By Rachel Vogel Quinn | dsm Contributor

Melissa O’Neil, CEO of Central Iowa Shelter and Services, said operations during the pandemic have been “business as usual.” Dealing with ongoing crises is an essential part of their work. In fact, the nonprofit had to activate their emergency plan four times in 2019.

O’Neil and her team began planning for the COVID-19 pandemic on Feb. 3, before many nonprofits and businesses considered the novel coronavirus to be a threat. Their first task was to rapidly rehouse individuals in the shelter who needed only a security deposit or first month’s rent. The majority of this project was supported by the Polk County Housing Trust Fund.

After implementing their own emergency plan, O’Neil realized that most other shelters in Iowa didn’t have a plan for the pandemic. She reached out to the Wells Fargo Foundation for assistance, who provided $150,000 in funding to help shelters across the state house as many people as possible, as fast as possible.

In addition to the rapid rehousing project, CISS worked with two local hotels to house about 70 people during the pandemic, with another 100 staying at the main shelter amid social distancing rules. Working with Polk County, CISS also set up an isolation shelter in the Youth Hostel at the Iowa State Fairgrounds, where homeless Central Iowans diagnosed with COVID-19, and others who couldn’t stay in their current residences, could recover from the illness.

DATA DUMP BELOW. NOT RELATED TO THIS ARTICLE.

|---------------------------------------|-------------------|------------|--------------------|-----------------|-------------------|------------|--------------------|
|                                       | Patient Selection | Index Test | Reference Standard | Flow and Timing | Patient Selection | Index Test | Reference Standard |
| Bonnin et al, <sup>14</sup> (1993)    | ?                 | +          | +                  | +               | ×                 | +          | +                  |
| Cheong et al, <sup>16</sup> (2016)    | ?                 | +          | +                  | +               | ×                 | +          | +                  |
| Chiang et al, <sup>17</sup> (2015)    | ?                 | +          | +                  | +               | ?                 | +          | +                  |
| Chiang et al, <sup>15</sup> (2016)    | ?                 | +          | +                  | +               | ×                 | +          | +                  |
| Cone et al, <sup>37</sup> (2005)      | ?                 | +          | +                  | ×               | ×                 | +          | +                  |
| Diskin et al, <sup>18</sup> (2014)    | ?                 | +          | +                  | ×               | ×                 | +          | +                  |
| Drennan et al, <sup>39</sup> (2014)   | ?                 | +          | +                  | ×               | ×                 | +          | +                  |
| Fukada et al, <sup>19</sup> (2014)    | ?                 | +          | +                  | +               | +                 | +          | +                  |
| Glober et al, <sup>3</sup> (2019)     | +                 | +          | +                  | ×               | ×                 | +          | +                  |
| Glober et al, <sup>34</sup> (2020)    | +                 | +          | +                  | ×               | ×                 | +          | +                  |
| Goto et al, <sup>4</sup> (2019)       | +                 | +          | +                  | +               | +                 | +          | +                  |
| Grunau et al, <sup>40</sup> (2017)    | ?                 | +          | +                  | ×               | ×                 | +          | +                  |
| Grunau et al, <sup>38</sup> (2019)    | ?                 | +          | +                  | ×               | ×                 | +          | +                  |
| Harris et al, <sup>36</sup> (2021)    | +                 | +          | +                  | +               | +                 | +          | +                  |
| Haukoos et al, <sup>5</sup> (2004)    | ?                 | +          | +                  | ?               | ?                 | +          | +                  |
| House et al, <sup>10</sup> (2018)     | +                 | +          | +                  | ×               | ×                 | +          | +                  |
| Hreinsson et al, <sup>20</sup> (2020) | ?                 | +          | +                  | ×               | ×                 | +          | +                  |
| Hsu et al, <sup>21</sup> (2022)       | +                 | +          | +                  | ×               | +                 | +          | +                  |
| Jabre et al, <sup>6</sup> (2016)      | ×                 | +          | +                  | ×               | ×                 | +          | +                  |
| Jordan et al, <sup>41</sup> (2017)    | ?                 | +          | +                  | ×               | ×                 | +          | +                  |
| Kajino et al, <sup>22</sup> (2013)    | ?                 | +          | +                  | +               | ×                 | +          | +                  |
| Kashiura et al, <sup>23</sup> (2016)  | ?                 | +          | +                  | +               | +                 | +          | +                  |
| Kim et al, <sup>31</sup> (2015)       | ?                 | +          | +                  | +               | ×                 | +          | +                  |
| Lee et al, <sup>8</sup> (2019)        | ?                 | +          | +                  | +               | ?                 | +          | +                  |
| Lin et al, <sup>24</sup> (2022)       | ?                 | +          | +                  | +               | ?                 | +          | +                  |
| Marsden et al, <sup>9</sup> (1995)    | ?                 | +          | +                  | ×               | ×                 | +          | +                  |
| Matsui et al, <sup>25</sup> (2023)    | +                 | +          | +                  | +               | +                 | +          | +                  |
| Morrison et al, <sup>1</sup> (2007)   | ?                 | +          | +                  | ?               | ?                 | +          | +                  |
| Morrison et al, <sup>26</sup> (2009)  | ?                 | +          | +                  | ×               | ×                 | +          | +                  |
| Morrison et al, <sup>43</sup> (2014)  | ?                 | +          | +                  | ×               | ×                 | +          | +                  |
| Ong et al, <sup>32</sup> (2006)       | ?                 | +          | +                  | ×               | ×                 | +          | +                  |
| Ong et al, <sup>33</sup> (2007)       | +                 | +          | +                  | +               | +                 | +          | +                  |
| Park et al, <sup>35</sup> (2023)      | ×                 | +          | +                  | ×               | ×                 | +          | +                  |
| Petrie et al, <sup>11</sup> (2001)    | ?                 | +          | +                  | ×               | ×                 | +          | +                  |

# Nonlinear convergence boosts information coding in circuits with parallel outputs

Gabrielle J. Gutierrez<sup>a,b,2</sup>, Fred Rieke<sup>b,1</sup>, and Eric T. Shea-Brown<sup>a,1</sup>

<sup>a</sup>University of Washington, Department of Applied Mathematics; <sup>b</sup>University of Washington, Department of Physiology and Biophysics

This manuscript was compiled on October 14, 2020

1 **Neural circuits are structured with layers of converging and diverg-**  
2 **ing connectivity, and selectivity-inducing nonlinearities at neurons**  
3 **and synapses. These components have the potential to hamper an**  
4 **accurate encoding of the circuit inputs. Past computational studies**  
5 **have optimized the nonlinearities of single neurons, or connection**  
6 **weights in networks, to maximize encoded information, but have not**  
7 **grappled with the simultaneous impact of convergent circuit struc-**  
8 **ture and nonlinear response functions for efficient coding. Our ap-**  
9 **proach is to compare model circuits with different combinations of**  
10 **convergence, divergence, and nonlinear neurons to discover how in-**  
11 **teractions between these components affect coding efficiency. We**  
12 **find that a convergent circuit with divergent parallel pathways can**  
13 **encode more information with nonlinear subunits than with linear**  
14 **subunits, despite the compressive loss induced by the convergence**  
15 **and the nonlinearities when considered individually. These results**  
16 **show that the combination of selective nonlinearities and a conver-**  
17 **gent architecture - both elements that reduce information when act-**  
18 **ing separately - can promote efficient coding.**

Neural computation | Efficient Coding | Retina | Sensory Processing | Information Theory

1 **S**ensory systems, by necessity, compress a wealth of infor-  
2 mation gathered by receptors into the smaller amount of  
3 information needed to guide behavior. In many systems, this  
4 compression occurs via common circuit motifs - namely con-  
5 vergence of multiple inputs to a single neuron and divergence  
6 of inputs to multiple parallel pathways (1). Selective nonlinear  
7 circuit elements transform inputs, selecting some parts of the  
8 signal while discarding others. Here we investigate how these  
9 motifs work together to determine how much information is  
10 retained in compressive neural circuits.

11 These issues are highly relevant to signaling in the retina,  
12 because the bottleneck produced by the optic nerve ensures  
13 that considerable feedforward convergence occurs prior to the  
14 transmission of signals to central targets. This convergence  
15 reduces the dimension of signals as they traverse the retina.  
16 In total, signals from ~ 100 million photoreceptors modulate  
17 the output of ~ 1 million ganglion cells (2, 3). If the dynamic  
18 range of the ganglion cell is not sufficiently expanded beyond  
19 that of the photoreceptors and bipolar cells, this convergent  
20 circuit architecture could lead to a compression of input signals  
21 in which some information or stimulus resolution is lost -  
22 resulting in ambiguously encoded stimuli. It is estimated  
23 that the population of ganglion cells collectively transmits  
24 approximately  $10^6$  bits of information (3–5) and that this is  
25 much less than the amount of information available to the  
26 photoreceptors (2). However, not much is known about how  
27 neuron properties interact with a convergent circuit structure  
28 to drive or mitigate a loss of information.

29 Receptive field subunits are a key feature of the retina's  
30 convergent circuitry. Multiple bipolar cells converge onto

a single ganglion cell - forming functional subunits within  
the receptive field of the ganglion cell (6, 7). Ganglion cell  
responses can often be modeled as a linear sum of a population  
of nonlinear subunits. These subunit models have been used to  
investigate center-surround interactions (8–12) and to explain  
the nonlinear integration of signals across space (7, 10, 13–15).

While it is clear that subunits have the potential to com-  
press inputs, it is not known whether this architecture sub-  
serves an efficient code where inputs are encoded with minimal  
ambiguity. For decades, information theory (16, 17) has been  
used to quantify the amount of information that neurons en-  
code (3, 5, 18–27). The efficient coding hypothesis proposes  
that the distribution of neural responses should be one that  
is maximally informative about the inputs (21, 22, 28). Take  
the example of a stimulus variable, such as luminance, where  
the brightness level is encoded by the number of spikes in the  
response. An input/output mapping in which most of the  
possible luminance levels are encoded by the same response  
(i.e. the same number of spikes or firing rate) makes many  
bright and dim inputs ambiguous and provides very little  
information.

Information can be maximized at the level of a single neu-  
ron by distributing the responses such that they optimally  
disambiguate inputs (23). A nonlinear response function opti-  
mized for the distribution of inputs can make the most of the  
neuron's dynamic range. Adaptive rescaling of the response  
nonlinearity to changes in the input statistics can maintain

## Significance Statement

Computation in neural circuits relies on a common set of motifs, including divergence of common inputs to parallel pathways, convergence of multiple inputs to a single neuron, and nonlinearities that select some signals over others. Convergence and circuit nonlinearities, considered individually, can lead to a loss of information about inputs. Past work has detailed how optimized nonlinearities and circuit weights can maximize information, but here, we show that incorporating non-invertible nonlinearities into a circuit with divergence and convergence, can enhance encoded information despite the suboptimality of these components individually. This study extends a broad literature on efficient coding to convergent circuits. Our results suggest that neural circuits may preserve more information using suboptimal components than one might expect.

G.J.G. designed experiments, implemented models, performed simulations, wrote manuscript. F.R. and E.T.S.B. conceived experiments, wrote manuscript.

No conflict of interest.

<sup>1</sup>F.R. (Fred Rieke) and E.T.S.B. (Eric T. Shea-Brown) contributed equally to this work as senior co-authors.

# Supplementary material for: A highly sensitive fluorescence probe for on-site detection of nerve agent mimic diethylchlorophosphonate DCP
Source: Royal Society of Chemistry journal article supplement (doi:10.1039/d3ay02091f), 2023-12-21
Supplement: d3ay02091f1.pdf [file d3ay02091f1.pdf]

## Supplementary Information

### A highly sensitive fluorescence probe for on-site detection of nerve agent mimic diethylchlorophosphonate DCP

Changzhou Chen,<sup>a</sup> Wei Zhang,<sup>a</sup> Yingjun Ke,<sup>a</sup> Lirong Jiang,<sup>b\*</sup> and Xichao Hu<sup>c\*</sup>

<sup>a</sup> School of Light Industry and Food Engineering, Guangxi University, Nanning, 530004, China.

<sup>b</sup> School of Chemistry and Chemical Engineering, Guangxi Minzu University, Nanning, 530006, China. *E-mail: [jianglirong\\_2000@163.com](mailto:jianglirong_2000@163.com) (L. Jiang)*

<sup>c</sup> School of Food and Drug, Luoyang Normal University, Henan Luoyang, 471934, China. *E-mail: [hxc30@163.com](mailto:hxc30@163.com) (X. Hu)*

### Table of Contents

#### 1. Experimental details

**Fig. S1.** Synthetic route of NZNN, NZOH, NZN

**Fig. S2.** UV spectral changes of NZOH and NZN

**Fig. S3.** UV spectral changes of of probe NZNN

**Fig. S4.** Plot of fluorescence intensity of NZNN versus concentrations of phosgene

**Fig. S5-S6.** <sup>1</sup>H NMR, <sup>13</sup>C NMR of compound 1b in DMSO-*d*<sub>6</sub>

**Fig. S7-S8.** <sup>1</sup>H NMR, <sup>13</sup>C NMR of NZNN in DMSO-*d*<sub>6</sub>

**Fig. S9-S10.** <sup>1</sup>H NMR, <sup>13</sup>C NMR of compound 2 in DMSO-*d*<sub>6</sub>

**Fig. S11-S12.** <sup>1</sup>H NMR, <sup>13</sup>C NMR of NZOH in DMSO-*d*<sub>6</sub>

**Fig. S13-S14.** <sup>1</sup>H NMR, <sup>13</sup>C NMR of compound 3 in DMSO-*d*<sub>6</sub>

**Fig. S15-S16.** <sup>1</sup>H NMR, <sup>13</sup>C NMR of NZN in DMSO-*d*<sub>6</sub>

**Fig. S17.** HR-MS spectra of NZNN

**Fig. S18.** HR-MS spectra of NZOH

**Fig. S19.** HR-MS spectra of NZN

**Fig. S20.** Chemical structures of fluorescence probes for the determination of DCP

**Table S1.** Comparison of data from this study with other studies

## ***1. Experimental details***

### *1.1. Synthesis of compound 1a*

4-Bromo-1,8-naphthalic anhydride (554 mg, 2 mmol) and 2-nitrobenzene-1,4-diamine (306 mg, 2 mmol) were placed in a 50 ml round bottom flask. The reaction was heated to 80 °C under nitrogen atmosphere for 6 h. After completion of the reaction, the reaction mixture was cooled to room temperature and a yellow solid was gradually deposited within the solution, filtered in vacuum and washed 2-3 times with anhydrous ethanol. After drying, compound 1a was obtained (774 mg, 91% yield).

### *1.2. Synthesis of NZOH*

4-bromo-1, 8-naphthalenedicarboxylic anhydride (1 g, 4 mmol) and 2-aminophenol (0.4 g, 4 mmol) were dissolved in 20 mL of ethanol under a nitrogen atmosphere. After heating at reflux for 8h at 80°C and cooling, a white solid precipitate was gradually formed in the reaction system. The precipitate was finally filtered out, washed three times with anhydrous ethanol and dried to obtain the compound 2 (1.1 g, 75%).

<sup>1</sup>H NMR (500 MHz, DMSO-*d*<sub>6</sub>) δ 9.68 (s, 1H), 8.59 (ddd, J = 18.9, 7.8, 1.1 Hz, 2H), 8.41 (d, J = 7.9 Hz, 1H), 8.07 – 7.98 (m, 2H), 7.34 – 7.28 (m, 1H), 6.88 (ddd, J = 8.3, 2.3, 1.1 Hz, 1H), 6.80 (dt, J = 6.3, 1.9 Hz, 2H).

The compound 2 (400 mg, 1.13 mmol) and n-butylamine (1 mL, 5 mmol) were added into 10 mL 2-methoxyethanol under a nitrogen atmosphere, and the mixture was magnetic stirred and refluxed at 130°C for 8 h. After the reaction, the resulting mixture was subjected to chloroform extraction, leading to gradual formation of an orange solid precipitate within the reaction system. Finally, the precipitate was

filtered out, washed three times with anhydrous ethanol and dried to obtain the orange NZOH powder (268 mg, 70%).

Although the administrative staff at CISS is working out of the Des Moines Social Club to comply with social distancing, O’Neil tries to make it down to the main location on Mulberry Street nearly every day to comfort residents.

“They are worried about the same things we are,” O’Neil said. “Emotions are running high. Everyone is concerned and scared.”

O’Neil said that individuals with mental health illnesses, a large population at CISS, are easily triggered. One day, a resident body-slammed another for coughing while choking on a glass of water.

The fear is real for the homeless population, who often live with chronic health conditions. Research has shown that they are 1.5 times more likely than the average American to get COVID-19 — and 2.5 times more likely to die from it.

So far, no one at CISS has tested positive for COVID-19. O’Neil wants to keep it that way. The next hurdle is a potential surge in homelessness as the economy worsens. Right now, about seven new people come to CISS every day.

O’Neil said that 25% of Central Iowans aren’t making rent and are on a list to be evicted. On March 20, Gov. Kim Reynolds issued a moratorium on evictions through April 30. The federal CARES Act, signed into law on March 27, also prevents new evictions through July 25. O’Neil is worried about the eventual expiration.

“It becomes a very real conversation: How are we going to support those individuals who used to be our donors and who now don’t have an income and could find themselves using our services?” O’Neil said. “What’s going to happen if we don’t find a way to help people keep their housing? I am afraid we are going to have a lot of individuals who get evicted and end up homeless.”

The team at CISS is already working on this problem. Although the pandemic has required a huge effort from the staff, they also see it as a chance to change our community long-term. The state of Iowa will receive between $20 million and $40 million in federal stimulus money to address homelessness. O’Neil calls this their Ice Bucket Challenge.

“How could we use this as an opportunity to end homelessness in Central Iowa?”